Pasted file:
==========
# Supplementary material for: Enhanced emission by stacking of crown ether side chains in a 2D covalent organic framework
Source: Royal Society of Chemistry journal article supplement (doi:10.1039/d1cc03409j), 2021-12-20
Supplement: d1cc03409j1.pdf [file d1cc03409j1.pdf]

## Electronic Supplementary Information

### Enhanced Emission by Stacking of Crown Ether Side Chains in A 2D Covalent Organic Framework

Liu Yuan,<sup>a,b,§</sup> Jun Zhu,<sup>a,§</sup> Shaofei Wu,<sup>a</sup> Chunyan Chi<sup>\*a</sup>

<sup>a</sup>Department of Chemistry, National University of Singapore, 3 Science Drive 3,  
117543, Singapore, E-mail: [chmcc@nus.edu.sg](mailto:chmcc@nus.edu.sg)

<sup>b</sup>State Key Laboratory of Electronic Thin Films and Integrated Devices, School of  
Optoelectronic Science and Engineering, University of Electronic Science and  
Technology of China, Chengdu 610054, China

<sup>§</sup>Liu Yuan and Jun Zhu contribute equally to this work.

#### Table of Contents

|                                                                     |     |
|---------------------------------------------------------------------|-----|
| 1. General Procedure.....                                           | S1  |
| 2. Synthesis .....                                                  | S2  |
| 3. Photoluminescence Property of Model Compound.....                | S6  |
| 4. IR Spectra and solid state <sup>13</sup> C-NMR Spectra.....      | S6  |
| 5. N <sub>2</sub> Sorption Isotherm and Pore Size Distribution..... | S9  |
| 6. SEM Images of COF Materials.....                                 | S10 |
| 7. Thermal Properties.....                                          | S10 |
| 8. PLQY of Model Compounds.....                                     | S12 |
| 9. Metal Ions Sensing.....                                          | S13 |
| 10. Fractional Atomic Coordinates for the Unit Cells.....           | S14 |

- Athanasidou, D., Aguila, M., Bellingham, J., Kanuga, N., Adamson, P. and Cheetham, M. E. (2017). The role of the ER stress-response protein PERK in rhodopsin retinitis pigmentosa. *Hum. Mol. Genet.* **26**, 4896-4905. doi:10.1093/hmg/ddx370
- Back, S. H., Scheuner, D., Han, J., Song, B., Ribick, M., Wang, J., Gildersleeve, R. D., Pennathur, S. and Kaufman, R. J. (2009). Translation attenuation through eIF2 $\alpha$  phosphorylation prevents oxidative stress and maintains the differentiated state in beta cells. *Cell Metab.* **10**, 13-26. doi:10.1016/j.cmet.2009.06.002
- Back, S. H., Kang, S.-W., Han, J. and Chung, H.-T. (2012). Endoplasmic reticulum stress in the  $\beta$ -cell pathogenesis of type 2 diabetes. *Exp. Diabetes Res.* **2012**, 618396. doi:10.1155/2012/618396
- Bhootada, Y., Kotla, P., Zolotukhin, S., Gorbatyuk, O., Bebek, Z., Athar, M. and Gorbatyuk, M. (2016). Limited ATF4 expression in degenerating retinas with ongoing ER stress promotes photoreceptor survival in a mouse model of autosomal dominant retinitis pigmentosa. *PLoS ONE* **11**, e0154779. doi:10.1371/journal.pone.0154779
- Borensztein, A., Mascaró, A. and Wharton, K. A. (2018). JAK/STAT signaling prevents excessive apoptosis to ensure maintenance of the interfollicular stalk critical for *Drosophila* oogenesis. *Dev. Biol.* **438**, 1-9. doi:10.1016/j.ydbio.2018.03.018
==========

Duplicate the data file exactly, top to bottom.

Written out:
# Supplementary material for: Enhanced emission by stacking of crown ether side chains in a 2D covalent organic framework
Source: Royal Society of Chemistry journal article supplement (doi:10.1039/d1cc03409j), 2021-12-20
Supplement: d1cc03409j1.pdf [file d1cc03409j1.pdf]

## Electronic Supplementary Information

### Enhanced Emission by Stacking of Crown Ether Side Chains in A 2D Covalent Organic Framework

Liu Yuan,<sup>a,b,§</sup> Jun Zhu,<sup>a,§</sup> Shaofei Wu,<sup>a</sup> Chunyan Chi<sup>\*a</sup>

<sup>a</sup>Department of Chemistry, National University of Singapore, 3 Science Drive 3,  
117543, Singapore, E-mail: [chmcc@nus.edu.sg](mailto:chmcc@nus.edu.sg)

<sup>b</sup>State Key Laboratory of Electronic Thin Films and Integrated Devices, School of  
Optoelectronic Science and Engineering, University of Electronic Science and  
Technology of China, Chengdu 610054, China

<sup>§</sup>Liu Yuan and Jun Zhu contribute equally to this work.

#### Table of Contents

|                                                                     |     |
|---------------------------------------------------------------------|-----|
| 1. General Procedure.....                                           | S1  |
| 2. Synthesis .....                                                  | S2  |
| 3. Photoluminescence Property of Model Compound.....                | S6  |
| 4. IR Spectra and solid state <sup>13</sup> C-NMR Spectra.....      | S6  |
| 5. N <sub>2</sub> Sorption Isotherm and Pore Size Distribution..... | S9  |
| 6. SEM Images of COF Materials.....                                 | S10 |
| 7. Thermal Properties.....                                          | S10 |
| 8. PLQY of Model Compounds.....                                     | S12 |
| 9. Metal Ions Sensing.....                                          | S13 |
| 10. Fractional Atomic Coordinates for the Unit Cells.....           | S14 |

- Athanasidou, D., Aguila, M., Bellingham, J., Kanuga, N., Adamson, P. and Cheetham, M. E. (2017). The role of the ER stress-response protein PERK in rhodopsin retinitis pigmentosa. *Hum. Mol. Genet.* **26**, 4896-4905. doi:10.1093/hmg/ddx370
- Back, S. H., Scheuner, D., Han, J., Song, B., Ribick, M., Wang, J., Gildersleeve, R. D., Pennathur, S. and Kaufman, R. J. (2009). Translation attenuation through eIF2 $\alpha$  phosphorylation prevents oxidative stress and maintains the differentiated state in beta cells. *Cell Metab.* **10**, 13-26. doi:10.1016/j.cmet.2009.06.002
- Back, S. H., Kang, S.-W., Han, J. and Chung, H.-T. (2012). Endoplasmic reticulum stress in the  $\beta$ -cell pathogenesis of type 2 diabetes. *Exp. Diabetes Res.* **2012**, 618396. doi:10.1155/2012/618396
- Bhootada, Y., Kotla, P., Zolotukhin, S., Gorbatyuk, O., Bebek, Z., Athar, M. and Gorbatyuk, M. (2016). Limited ATF4 expression in degenerating retinas with ongoing ER stress promotes photoreceptor survival in a mouse model of autosomal dominant retinitis pigmentosa. *PLoS ONE* **11**, e0154779. doi:10.1371/journal.pone.0154779
- Borensztein, A., Mascaró, A. and Wharton, K. A. (2018). JAK/STAT signaling prevents excessive apoptosis to ensure maintenance of the interfollicular stalk critical for *Drosophila* oogenesis. *Dev. Biol.* **438**, 1-9. doi:10.1016/j.ydbio.2018.03.018